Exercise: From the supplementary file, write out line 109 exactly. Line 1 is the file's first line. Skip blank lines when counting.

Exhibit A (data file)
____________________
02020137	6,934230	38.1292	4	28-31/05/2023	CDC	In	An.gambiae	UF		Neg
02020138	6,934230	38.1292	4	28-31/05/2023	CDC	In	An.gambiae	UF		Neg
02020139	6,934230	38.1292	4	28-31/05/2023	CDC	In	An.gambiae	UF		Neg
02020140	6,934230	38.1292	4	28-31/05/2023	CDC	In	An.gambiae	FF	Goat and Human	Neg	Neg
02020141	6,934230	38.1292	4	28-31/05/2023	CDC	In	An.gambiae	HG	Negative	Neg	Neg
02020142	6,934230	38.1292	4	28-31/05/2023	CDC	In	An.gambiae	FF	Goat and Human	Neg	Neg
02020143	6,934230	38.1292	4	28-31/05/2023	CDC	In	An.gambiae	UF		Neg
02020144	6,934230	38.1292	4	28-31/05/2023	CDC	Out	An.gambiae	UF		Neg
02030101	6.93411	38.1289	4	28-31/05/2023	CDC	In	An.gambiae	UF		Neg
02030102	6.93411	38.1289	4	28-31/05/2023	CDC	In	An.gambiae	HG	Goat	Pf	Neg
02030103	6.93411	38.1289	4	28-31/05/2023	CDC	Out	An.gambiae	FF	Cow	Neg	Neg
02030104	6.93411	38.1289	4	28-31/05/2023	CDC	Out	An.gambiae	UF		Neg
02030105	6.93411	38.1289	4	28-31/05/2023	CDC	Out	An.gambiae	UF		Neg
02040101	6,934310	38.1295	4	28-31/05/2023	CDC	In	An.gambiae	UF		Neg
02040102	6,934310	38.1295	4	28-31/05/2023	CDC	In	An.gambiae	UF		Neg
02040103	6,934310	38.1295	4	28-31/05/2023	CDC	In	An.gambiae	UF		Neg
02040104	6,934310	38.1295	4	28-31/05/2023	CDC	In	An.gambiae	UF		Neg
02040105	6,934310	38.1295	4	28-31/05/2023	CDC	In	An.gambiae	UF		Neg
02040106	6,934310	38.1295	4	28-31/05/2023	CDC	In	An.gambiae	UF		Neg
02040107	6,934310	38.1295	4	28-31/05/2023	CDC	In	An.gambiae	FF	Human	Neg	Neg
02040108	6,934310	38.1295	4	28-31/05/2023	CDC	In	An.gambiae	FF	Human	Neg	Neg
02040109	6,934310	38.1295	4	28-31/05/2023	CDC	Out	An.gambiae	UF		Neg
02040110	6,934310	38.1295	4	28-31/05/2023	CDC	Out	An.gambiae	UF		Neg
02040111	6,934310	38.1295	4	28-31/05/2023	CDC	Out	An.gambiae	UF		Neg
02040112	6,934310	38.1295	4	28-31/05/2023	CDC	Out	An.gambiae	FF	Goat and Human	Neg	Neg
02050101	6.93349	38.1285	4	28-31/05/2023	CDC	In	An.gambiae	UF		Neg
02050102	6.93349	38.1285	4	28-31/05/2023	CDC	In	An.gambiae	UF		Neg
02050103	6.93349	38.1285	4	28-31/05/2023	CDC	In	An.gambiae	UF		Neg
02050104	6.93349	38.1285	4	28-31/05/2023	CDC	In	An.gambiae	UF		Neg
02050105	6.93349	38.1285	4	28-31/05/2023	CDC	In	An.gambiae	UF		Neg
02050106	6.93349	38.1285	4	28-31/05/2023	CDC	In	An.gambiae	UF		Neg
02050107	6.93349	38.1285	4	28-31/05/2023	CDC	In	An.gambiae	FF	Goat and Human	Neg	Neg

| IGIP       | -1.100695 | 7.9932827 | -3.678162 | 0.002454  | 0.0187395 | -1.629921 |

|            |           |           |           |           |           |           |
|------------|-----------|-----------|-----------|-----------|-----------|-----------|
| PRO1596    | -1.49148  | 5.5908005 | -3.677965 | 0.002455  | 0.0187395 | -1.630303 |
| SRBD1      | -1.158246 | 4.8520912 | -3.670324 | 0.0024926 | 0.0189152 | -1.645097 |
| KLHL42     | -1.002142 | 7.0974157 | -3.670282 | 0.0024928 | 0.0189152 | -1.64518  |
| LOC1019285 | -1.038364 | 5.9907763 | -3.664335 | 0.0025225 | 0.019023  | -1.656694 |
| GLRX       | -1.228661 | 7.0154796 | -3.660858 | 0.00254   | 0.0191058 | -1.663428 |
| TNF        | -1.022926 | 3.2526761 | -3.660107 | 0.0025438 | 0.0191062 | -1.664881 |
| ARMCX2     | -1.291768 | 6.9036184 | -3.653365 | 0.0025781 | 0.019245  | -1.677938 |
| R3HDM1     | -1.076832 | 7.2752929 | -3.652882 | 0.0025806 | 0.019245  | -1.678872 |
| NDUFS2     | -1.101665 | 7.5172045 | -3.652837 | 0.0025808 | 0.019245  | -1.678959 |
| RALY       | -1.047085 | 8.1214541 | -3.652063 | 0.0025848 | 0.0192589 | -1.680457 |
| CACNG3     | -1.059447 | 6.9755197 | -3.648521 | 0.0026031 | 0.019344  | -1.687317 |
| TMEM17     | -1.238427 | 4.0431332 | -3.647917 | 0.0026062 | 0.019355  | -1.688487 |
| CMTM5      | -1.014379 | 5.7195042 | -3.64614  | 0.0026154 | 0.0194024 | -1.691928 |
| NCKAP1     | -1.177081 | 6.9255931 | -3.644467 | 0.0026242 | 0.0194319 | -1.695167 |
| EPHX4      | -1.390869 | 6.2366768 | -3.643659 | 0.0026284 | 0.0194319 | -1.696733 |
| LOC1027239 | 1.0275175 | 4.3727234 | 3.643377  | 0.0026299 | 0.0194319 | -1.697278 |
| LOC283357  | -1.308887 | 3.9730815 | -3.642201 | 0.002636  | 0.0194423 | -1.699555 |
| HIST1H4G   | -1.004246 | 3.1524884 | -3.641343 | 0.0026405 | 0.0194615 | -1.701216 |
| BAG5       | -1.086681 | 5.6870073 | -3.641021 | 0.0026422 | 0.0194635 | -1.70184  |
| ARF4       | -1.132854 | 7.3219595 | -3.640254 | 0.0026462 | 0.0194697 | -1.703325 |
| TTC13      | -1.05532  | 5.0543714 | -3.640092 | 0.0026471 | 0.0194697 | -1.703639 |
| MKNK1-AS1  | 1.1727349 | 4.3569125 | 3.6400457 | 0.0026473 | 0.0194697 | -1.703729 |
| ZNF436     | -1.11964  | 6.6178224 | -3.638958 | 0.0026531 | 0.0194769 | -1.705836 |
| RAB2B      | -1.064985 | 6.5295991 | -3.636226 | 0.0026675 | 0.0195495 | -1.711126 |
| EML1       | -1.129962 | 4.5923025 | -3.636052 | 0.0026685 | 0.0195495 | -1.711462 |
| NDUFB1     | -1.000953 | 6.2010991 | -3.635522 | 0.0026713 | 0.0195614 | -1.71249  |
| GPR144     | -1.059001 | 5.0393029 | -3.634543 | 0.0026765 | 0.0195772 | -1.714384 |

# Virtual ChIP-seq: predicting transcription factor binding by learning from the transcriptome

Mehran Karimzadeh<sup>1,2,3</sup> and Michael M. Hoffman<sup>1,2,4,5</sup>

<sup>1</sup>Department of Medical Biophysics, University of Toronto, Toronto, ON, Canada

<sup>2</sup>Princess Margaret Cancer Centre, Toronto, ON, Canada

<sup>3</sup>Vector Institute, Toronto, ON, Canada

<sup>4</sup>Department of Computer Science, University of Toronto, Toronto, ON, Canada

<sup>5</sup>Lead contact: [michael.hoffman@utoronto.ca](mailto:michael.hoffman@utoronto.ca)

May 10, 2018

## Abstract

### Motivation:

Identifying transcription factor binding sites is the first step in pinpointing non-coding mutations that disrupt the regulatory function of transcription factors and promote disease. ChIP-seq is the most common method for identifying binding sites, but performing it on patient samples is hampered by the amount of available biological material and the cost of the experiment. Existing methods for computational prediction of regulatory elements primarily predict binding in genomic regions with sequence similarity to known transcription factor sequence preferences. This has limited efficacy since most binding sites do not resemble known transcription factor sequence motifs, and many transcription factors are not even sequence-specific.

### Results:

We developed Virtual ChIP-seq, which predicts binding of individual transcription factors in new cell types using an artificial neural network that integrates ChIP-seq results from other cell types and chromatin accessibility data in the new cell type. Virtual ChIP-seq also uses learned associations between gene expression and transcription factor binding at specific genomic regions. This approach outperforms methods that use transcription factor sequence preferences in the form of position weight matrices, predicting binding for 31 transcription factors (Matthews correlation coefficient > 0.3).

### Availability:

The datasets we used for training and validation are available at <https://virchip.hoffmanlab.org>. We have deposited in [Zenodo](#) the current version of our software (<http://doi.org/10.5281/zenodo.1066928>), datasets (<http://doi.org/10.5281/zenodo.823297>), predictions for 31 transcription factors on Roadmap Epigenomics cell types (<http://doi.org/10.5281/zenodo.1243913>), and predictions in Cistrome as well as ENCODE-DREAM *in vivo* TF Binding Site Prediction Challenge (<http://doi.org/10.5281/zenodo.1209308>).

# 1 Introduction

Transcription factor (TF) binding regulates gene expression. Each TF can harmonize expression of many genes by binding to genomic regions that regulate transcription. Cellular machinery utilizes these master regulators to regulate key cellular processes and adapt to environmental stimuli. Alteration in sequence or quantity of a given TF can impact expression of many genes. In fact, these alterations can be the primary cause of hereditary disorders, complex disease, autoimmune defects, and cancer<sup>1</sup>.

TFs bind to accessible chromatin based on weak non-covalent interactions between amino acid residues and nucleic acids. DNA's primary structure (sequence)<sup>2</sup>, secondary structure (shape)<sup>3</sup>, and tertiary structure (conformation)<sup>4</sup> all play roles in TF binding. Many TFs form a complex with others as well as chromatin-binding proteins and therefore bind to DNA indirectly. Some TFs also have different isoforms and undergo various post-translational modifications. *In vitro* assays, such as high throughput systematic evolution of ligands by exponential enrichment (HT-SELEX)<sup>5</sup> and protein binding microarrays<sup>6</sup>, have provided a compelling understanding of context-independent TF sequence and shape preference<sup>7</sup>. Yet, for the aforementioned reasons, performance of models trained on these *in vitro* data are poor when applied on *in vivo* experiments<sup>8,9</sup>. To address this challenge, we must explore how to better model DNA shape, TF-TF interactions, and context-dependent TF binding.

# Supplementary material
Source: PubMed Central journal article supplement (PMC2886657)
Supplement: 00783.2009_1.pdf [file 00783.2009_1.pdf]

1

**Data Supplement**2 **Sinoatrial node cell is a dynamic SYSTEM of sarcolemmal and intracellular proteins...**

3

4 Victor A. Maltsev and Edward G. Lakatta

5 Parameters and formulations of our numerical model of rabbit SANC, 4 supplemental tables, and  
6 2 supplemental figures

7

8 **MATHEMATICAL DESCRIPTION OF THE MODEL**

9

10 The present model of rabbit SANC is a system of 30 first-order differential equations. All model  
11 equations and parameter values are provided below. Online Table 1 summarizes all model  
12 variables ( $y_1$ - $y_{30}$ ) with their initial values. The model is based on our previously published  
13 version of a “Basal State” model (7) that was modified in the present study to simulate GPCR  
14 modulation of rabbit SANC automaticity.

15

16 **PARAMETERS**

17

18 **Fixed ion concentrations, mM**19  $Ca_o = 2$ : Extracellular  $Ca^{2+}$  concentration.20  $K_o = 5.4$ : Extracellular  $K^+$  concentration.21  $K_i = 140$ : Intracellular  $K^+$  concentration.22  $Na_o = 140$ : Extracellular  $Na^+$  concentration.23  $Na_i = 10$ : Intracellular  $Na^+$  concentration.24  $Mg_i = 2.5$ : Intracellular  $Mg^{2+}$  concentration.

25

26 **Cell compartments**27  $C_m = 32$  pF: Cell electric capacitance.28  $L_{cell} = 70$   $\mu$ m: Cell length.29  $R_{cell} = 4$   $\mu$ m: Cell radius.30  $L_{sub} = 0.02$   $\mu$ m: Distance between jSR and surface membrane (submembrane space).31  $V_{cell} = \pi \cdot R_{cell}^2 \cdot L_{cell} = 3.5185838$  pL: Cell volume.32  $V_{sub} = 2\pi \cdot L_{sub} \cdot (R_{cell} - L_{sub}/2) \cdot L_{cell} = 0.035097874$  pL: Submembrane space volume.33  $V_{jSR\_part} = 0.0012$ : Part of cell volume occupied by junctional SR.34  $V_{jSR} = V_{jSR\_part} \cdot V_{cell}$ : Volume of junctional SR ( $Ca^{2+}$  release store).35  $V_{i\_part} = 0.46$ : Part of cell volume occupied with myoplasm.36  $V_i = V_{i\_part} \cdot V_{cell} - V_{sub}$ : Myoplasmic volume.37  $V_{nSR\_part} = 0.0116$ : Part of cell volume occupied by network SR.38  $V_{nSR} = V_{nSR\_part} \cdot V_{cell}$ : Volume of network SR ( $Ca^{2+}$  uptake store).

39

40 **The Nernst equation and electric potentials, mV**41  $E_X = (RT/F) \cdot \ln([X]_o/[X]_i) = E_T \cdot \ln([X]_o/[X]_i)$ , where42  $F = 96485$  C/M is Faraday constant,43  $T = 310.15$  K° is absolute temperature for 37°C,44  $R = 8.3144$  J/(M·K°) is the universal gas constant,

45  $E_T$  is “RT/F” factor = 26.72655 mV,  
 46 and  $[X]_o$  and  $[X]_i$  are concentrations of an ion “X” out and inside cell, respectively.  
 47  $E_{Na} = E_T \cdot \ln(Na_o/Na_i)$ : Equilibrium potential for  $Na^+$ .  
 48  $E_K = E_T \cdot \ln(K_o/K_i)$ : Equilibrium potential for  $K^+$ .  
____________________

 48  $E_K = E_T \cdot \ln(K_o/K_i)$ : Equilibrium potential for  $K^+$ .  